Turkey’s Hedge Funds Are Latest Casualties of Currency Clampdown
Turkey will no longer allow investors to set up hedge funds that invest primarily in foreign-exchange assets and will start taxing existing ones, the latest measures designed to clamp down on local demand for hard currency.
The Capital Markets Board said it has suspended approvals for funds whose foreign exchange-denominated securities make up at least 80% of total holdings. The government will impose a 15% tax on the management of such funds, according a presidential decree.
At roughly $3 billion, the size of the funds affected by Wednesday’s measures is relatively small, especially when compared to the $195.7 billion of hard-currency deposits held by households and businesses. But moving to restrict this corner of the market shows authorities are determined to limit the persistent demand for foreign exchange, which threatens to weigh on the lira after it slumped to a record low last month.
“Recent measures are designed to further clamp down on FX demand,” said Evren Kirikoglu, an independent market strategist in Istanbul. “These limitations do not apply to domestically issued FX-debt though, probably because the domestic FX market will be the main source of FX funding going forward.”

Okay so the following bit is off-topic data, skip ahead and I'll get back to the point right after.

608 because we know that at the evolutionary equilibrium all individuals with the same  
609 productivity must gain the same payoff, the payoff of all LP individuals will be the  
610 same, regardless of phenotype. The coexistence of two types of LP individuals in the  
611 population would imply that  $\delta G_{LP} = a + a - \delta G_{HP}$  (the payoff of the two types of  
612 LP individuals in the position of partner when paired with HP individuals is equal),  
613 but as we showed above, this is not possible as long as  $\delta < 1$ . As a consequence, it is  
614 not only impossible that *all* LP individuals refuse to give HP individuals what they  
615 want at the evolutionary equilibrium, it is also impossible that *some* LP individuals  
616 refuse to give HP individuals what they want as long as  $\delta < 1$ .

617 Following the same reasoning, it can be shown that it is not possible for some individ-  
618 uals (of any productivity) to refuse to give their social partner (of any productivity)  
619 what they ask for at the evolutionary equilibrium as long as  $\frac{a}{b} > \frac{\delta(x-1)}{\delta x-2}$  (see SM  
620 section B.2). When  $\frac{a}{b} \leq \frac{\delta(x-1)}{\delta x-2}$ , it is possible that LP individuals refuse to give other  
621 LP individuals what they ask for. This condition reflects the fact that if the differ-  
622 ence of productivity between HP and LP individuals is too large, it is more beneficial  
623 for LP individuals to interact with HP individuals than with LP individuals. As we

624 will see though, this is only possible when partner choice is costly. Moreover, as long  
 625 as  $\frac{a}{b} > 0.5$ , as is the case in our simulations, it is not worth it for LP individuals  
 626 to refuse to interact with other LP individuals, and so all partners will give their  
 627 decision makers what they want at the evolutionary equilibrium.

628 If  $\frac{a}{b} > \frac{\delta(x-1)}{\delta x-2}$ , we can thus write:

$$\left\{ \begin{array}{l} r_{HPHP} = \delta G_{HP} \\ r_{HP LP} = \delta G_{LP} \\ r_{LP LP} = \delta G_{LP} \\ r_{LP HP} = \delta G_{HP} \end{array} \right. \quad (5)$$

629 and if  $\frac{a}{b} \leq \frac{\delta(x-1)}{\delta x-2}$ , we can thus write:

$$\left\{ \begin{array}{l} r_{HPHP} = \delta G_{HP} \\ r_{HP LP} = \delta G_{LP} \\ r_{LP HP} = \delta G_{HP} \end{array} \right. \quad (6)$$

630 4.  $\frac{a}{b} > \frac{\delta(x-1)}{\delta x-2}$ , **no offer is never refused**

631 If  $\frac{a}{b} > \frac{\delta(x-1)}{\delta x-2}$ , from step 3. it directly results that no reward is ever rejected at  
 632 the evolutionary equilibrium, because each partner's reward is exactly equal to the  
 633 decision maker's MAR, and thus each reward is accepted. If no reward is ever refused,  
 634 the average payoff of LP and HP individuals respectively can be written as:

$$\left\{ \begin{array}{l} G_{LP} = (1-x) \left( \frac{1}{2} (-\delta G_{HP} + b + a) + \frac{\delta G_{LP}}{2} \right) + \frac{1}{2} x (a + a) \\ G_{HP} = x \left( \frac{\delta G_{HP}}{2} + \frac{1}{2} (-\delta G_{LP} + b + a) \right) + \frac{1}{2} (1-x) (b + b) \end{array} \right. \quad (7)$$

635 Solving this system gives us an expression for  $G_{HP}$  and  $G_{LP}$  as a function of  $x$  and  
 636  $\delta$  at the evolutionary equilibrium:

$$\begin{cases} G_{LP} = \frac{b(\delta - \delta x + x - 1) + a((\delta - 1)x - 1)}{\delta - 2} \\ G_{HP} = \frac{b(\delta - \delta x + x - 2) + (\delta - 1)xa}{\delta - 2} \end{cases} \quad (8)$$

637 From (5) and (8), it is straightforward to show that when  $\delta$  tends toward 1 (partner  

The measures also come days after regulators hiked the tax on individual foreign-currency purchases. A string of earlier restrictions effectively banned local banks from trading the lira with foreign institutions by capping the amount they can lend offshore to just 0.5% of their equity.
Critics have argued that the country is edging toward some form of capital controls by limiting the exchange of the Turkish lira. The government has repeatedly denied having such motives.
That would be anathema to many investors after Turkey has maintained one of the most open capital accounts in the developing world. It still relies heavily on foreign inflows to roll over its obligations.
The lira has lost 12% against the U.S. currency since the beginning of the year and was trading 0.7% weaker at 6.7575 per dollar as of 1:59 p.m. in Istanbul.
For local savers, holding foreign currency is a way to hedge against the depreciation of the lira and deposit rates that don’t compensate them for inflation.
Data on Wednesday showed annual price gains unexpectedly accelerated to 11.4%, while the median estimate in a Bloomberg survey of economists predicted little change from the previous month.
Turkey’s push for faster credit growth and cheaper money has pushed the average rate lenders offer for one-month lira deposits to 7.3%, the lowest level since 2013.
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